“In 1986 I remember really vividly seeing Joey riding down the street in Douglas on his works V4 full factory Rothmans Honda.
“He pulled up on to the pavement and leaned it against the wall and went into a shop to get fags – he didn’t even switch it off! It was the most amazing thing I’d ever seen.”
Soon afterwards John enjoyed a remarkably prophetic encounter with the great man.
“In 1986 we had heard that Joey was garaging at the bottom of Bray Hill,” John recalls. “I went to the shop and bought a picture and me and my brother headed down to his garage to get it signed.
“Joey was spannering away at his bikes and after he autographed it I told him that I would stand on the podium with him one day. I was only 14.
“He just looked at me – Joey didn’t say much – but in 1997, 11 years later, I did stand beside him up there. And I reminded him then that I had told him I would, but he didn’t remember!”
The precocious youngster still had to serve his racing apprenticeship before that date with destiny would arrive but the die was cast as the trainee brickie’s teenage years revolved more and more around motorbikes.
Like so many other 16-year-olds in the seventies and eighties he cut his biking teeth on the popular mopeds. A burgundy red AP50 Suzuki was the weapon of choice for the young McGuinness as he blasted around the local laneways imitating his TT heroes, brushing his shoulder off the walls like Steve Hislop and Joey Dunlop. Sometimes the similarity was too close for comfort.
“We had a lot of our own little racing circuits on the roads around here,” he says of those daredevil days as we drive out of Morecambe towards the picturesque village of Heysham.
“A good summer night down here and you’re laughing. Me and my mates would chase each other all around these lanes but I had a big near miss down this road one night. My bike had a crap headlamp and I couldn’t see where I was going properly – I peeled in too early and clipped this bit of the wall that sits out on the inside of the bend.
“I took all the skin off my shoulder but I just missed being fired into the wall on the exit – it was a wee fright all right!”
Like every moped-restricted teen John couldn’t wait to graduate to something more powerful when he turned 17 and he scraped together enough cash from gathering mussels on Morecambe sands to purchase a pristine red and white Yamaha TZR125.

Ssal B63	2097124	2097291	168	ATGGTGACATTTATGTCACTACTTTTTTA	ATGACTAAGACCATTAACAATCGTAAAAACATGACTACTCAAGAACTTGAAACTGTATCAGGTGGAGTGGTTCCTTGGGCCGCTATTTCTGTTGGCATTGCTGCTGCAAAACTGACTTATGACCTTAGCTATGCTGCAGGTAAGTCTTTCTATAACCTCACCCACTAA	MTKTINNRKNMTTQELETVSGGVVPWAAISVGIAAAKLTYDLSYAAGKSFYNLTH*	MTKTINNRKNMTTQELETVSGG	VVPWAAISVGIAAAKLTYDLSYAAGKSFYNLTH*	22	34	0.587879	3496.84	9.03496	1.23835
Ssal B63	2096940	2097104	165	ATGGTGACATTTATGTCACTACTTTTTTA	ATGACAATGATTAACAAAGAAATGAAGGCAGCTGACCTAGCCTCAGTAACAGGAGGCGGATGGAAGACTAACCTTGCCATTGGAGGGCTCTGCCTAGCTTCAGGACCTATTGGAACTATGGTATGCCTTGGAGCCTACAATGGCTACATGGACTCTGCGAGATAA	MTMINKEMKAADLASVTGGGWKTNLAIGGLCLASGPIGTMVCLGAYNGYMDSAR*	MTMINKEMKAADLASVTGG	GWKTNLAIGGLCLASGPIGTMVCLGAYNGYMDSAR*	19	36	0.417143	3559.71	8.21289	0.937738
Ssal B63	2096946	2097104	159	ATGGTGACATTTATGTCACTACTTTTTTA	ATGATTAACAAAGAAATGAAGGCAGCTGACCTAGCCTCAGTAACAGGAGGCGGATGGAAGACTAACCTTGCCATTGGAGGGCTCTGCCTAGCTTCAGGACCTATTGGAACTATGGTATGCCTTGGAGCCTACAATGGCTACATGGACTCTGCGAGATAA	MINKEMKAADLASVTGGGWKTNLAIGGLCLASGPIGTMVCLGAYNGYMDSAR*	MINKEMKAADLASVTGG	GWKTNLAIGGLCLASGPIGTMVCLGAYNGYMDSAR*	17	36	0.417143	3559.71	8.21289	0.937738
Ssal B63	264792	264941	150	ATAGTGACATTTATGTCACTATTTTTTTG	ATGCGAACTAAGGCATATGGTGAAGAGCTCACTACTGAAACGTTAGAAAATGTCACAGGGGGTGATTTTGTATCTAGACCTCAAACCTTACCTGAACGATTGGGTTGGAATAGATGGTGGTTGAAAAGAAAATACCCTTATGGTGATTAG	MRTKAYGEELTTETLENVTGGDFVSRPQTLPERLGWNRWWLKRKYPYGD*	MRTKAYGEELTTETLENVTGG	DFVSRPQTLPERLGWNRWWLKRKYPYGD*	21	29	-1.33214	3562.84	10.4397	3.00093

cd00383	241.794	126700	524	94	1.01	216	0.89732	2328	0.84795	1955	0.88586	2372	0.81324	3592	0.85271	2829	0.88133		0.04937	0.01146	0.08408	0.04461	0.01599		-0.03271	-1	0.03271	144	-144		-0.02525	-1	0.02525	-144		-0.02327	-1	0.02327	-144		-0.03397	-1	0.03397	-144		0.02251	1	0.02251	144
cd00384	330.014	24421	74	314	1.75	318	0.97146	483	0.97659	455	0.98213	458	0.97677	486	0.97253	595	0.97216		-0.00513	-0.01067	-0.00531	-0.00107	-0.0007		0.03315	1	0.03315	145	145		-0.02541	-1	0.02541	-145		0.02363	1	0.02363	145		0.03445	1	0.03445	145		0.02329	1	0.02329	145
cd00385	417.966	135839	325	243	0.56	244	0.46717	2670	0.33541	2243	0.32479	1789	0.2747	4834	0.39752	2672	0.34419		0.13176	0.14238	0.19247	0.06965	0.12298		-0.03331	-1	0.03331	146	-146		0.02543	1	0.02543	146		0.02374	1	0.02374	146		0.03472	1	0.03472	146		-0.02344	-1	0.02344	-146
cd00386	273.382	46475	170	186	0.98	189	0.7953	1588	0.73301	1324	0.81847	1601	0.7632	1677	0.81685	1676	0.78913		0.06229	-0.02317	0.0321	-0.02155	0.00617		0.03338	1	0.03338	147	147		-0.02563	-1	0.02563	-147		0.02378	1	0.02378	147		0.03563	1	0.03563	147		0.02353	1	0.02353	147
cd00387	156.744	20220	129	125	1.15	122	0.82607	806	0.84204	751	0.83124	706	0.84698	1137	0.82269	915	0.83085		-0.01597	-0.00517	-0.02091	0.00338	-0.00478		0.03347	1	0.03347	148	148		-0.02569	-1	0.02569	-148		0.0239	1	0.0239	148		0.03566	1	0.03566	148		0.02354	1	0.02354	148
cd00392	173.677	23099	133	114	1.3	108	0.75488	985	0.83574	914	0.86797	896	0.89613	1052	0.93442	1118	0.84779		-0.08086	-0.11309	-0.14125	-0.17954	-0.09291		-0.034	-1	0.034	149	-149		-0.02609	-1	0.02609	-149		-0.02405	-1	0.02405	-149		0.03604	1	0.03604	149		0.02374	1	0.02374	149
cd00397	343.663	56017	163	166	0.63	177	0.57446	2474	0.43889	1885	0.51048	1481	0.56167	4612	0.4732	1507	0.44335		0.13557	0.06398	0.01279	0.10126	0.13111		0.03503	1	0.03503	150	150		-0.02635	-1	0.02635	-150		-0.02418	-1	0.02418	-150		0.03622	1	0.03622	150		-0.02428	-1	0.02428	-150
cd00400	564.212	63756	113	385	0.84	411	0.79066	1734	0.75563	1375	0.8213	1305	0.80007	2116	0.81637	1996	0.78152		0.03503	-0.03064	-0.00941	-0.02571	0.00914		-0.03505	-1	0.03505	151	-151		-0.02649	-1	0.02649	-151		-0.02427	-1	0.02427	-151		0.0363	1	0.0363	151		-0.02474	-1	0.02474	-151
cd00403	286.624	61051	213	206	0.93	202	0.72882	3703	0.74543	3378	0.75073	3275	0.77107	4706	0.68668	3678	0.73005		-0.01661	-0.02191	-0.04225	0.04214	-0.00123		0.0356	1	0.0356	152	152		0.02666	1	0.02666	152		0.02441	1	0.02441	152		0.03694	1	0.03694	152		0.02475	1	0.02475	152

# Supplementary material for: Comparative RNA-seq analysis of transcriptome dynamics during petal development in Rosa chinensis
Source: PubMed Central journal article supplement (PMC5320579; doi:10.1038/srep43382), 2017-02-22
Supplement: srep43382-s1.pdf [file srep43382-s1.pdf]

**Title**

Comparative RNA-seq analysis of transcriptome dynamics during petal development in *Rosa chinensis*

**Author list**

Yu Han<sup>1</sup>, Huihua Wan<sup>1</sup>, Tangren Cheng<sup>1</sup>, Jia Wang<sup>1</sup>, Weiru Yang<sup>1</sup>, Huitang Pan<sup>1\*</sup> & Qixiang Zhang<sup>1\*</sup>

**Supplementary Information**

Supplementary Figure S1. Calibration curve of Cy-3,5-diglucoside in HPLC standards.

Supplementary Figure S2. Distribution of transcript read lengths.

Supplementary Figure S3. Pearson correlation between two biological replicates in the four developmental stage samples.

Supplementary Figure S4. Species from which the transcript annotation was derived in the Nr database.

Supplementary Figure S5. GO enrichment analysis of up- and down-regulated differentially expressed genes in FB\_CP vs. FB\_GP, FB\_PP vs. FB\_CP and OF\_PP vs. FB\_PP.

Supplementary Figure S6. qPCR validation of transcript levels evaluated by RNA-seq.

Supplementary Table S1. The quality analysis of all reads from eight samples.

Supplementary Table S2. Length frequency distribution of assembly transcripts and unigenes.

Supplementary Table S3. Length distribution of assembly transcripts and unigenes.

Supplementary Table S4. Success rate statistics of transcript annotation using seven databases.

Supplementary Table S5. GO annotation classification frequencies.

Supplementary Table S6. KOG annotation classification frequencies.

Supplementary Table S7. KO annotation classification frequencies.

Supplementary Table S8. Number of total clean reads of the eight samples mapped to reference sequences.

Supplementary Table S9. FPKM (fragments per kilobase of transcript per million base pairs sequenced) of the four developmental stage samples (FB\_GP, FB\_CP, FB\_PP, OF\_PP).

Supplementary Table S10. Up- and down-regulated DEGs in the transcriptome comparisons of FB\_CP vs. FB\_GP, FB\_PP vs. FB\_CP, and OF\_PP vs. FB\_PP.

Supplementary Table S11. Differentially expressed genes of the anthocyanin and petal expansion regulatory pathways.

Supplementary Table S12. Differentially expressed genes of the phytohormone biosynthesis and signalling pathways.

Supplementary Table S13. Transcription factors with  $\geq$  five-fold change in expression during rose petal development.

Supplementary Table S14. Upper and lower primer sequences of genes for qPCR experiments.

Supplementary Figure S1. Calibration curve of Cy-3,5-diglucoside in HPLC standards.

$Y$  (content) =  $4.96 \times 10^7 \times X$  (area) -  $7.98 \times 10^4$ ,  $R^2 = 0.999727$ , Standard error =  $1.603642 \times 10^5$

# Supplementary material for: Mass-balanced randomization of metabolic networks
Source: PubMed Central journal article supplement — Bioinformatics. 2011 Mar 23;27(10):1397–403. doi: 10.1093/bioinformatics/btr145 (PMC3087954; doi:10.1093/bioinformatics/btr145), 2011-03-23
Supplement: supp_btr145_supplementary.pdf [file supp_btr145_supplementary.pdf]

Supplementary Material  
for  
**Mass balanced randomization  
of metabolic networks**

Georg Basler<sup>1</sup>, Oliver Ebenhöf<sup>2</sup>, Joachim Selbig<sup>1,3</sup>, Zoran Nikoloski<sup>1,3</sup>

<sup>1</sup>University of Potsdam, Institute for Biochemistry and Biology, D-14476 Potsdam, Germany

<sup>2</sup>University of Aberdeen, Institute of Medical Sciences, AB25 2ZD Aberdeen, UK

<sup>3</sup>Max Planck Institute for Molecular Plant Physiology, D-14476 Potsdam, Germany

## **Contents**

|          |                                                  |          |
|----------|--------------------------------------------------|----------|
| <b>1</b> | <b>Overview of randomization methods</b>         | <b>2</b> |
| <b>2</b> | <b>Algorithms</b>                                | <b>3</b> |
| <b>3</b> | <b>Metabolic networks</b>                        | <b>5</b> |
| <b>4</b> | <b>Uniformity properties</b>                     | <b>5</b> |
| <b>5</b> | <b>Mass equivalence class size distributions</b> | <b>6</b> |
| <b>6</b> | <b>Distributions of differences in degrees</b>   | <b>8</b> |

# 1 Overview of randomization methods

The increase in power boosted his bravado and as the speeds got higher so too did the jumps and wheelies, activities that brought him to the notice of the local constabulary.
“I had given up the bike shop and was working on the oil and gas rigs at the time,” John Snr recalls.
“Every time I would come home on leave I would hear stories about John’s antics and local coppers warned me that he was getting a bit too wild. So that’s when we decided to go racing with a Kawasaki KR-1S.”
“When you’re a kid you think that you can do anything, don’t you?” John reflects. “I thought that I was dead fast around here but my Dad put it up to me: ‘OK so you think you’re good, then we’ll go racing and see if you are’.”
His first ever race was a club race at Aintree at the end of 1990.
“I was beaten by two girls that day,” he smiles ruefully, but he wasn’t deterred.
“In 1991 we did a full season of club races. We didn’t really have a plan, it was just a case of doing some races and seeing how we got on, see if I could do any good really.
“I did the first round of the British Clubman’s series at Mallory Park in the pouring rain in 1991 and I won so we did the rest of the series and by the end of the year I had won the championship,” he says.
It was a promising start and the following year the 18-year-old was awarded the Shell scholarship, a bursary that was aimed at supporting young riders as they learned their craft.
Over the next three years the Morecambe man doggedly pursued that path, racing week in week out in the British 250cc championship on the short circuits.
In 1994 he made his road racing debut at the North West 200 but it was to be two more years before John McGuinness would cross the Irish Sea to line up on the Glencrutchery Road for the first time.
n John McGuinness: TT Legend, published by Blackstaff Press, is on sale now, priced £17.99. The book will be officially launched this Saturday at Ballymoney Town Hall from 12pm to 4pm, when McGuinness will attend to meet fans and sign copies.